However, now that the rule in Parker is the law of this state, I concur with my Brother KAVANAGH that that rule should apply "to all cases pending on December 27, 1978 in which an express challenge to the defense of governmental immunity was made and preserved as well as all cases started after that date" (ante, p 221). See my concurring opinion in Pittman v City of Taylor, 398 Mich. 41, 51; 247 N.W. 512 (1976); Bricker v Green, 313 Mich. 218, 236; 21 N.W.2d 105 (1946). The prospective only ruling of Parker v Port Huron Hospital, 361 Mich. 1; 105 N.W.2d 1 (1960), is not entirely applicable to this case. First of all, that case involved a charitable hospital, whereas this case involves a public hospital. Second, unfortunately, the state of the law as to what constitutes governmental immunity, without further legislative definition, has for some years been in flux. While in the field of governmental immunity there has been no such clear and simple signal of change as was specifically given in comparative negligence, Placek v Sterling Heights, 405 Mich. 638, 662-668; 275 N.W.2d 511 (1979), the opinions of this Court have been such as should warn those who might possibly be affected that they had better seek protection either through insurance or through legislative redefinition. See, for example, Parker v Port Huron Hospital, 361 Mich. 1; 105 N.W.2d 1 (1960), itself; Williams v Detroit, 364 Mich. 231; 111 N.W.2d 1 (1961); and more recently and subsequent to the facts of this case, the dissenting opinions in Thomas v Dep't of State Highways, 398 Mich. 1, 14, 25; 247 N.W.2d 530 (1976); Bush v Oscoda Area Schools, 405 Mich. 716, 734; 275 N.W.2d 268 (1979).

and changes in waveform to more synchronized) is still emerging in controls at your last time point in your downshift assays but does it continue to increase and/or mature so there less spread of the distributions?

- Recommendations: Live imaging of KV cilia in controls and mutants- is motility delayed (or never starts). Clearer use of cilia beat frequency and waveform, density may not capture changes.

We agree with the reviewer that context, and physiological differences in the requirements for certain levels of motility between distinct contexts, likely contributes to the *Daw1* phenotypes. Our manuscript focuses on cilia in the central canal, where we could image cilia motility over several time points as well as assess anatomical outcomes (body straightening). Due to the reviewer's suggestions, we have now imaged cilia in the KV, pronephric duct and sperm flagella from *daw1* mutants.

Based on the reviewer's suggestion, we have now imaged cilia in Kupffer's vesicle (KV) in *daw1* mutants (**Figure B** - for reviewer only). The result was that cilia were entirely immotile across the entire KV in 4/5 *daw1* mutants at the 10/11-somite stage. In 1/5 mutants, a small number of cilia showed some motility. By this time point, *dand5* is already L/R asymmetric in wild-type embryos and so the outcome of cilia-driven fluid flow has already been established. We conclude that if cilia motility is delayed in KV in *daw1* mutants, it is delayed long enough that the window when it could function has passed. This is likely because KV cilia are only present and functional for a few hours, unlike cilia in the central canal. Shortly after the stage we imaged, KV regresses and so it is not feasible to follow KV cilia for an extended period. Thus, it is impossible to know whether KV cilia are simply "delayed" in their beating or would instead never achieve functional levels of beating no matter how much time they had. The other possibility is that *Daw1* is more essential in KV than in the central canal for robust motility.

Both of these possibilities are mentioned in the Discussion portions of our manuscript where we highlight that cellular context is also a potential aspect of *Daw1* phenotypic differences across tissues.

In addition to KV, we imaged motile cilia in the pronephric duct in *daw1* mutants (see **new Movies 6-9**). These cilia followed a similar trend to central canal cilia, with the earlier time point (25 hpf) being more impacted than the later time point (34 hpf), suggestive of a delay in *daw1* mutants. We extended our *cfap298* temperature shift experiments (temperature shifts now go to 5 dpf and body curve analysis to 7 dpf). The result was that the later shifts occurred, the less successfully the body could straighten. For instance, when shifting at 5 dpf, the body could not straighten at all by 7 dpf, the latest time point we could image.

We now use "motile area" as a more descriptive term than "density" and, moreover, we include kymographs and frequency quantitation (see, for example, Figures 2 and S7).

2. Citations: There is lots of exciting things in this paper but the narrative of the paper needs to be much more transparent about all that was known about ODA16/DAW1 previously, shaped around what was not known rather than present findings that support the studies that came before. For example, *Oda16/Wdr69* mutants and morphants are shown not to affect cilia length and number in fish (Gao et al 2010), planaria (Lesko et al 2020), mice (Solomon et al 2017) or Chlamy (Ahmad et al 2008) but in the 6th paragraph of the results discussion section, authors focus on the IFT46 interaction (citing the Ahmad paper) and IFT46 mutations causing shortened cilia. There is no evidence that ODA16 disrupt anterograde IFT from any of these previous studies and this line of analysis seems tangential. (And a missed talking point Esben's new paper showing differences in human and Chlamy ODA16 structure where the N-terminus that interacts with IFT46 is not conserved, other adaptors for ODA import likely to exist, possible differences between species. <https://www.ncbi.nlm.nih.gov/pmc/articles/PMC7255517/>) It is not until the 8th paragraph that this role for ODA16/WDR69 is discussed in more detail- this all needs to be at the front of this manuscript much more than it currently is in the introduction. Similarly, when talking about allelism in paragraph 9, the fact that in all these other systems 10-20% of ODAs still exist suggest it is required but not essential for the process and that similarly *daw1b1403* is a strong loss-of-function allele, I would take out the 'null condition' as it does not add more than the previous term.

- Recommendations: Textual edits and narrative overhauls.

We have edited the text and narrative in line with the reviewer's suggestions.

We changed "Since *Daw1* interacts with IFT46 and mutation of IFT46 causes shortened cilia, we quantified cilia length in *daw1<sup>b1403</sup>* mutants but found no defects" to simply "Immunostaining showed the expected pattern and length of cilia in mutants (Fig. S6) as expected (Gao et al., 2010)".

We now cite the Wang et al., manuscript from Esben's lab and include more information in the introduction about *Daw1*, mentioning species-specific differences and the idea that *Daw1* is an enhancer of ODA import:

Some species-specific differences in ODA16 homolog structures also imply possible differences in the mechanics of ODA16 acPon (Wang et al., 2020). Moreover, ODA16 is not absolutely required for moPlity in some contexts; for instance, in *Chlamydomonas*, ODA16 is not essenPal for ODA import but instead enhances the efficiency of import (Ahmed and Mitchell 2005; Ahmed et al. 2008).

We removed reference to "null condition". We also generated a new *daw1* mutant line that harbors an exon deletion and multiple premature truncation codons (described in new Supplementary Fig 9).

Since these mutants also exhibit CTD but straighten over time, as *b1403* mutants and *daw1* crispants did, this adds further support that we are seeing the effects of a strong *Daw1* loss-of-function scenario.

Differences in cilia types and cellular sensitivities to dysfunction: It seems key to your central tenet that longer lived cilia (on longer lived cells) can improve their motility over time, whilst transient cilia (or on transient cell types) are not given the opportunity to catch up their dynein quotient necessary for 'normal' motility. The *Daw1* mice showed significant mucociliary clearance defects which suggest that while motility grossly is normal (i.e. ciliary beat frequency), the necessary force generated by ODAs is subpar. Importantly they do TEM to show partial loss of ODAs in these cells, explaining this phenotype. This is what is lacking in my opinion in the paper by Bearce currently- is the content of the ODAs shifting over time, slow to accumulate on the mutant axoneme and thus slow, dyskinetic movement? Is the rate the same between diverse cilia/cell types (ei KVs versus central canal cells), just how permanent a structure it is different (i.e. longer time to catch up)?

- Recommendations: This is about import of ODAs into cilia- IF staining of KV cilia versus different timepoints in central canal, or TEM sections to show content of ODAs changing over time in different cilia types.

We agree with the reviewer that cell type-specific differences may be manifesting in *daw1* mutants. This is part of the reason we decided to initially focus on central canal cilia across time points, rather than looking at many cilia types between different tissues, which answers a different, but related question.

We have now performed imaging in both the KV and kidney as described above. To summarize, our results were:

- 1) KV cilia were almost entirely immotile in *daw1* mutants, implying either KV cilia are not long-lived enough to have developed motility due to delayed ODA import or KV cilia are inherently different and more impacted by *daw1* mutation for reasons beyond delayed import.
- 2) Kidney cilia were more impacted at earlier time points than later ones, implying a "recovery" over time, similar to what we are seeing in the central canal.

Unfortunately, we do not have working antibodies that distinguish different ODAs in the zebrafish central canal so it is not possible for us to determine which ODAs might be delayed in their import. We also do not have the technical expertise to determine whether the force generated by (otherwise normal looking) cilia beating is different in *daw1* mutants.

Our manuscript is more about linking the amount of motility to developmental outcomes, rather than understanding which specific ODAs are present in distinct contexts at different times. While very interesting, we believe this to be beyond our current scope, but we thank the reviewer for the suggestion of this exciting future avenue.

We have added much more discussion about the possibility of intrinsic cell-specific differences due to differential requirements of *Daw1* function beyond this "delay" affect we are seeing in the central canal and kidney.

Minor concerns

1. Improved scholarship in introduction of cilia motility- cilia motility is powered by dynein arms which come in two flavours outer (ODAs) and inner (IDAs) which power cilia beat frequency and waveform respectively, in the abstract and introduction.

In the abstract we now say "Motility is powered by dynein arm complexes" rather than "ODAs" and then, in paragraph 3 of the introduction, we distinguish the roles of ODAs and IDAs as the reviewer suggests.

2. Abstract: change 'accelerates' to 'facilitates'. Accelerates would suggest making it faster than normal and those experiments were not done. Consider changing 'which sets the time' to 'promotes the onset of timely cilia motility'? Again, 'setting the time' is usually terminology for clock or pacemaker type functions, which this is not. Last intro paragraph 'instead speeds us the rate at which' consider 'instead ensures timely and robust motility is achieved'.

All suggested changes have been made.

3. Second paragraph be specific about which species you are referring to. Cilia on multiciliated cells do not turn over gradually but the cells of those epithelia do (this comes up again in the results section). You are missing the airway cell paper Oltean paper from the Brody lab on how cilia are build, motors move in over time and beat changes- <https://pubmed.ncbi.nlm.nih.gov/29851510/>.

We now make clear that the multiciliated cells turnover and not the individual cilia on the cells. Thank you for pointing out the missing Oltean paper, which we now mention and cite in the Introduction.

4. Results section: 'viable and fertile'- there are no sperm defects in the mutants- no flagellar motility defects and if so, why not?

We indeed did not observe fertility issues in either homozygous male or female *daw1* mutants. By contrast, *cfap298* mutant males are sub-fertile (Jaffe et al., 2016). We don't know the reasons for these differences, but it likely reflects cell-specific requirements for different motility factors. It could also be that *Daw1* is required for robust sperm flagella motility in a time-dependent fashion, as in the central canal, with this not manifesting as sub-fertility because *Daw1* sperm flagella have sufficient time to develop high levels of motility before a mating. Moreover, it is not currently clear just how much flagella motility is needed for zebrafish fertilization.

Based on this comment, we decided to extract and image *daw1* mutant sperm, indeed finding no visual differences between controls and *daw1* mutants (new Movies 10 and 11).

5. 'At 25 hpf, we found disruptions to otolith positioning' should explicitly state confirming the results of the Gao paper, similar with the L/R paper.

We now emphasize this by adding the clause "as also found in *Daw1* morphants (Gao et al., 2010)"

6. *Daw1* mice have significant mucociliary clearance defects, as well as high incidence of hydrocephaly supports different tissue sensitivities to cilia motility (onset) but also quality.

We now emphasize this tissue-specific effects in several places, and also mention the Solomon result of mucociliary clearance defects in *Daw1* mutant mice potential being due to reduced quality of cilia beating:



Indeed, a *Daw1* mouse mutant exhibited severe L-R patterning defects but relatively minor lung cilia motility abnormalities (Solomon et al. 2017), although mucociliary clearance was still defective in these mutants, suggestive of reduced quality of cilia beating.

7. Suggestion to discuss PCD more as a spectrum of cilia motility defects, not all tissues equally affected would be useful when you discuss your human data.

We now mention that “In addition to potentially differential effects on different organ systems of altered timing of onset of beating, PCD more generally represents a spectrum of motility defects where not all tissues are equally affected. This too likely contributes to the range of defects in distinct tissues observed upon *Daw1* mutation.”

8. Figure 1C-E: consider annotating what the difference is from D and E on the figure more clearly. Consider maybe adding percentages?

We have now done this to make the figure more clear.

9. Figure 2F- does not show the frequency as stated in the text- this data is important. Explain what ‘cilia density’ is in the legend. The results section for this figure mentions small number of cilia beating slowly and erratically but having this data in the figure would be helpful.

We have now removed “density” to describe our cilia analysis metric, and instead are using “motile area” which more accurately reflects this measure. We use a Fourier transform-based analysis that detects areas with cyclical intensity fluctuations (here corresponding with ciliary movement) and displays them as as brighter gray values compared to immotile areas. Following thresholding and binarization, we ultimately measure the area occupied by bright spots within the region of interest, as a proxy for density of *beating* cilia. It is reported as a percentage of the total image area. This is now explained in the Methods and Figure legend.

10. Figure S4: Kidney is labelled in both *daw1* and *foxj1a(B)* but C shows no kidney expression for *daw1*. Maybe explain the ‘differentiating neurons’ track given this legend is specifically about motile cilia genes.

The argument for excepting the operation of a publicly-owned hospital from the immunity provided governmental agencies in MCL 691.1407; MSA 3.996(107), was convincing to four Justices of this Court in Parker v Highland Park, 404 Mich. 183; 273 N.W.2d 413 (1978), and thus has become the law.

Consequently, the only remaining question in this case is whether the 1978 change in the law of governmental immunity effected by Parker should be applied retroactively to benefit the instant plaintiffs who claim against the defendants for negligence alleged to have occurred in 1970.

From the Court's affirmative answer to that question, I respectfully dissent and would apply Parker in a purely prospective fashion; that is, to causes of action accruing after December 27, 1978, the date of decision in that case.


Parker was decided almost six years after the acts and omissions for which the plaintiffs make complaint in these cases. For more than three-quarters of a century before Parker was decided, the courts of this state followed the settled rule that the operation of a public hospital was a governmental function and, as a result, such institutions were immune from tort liability. See Nicholson v Detroit, 129 Mich. 246; 88 N.W. 695 (1902); Martinson v Alpena, 328 Mich. 595; 44 N.W.2d 148 (1950); Schwartz v Detroit, 83 Mich. App. 590; 269 N.W.2d 237 (1978), rev'd 405 Mich. 839 (1979).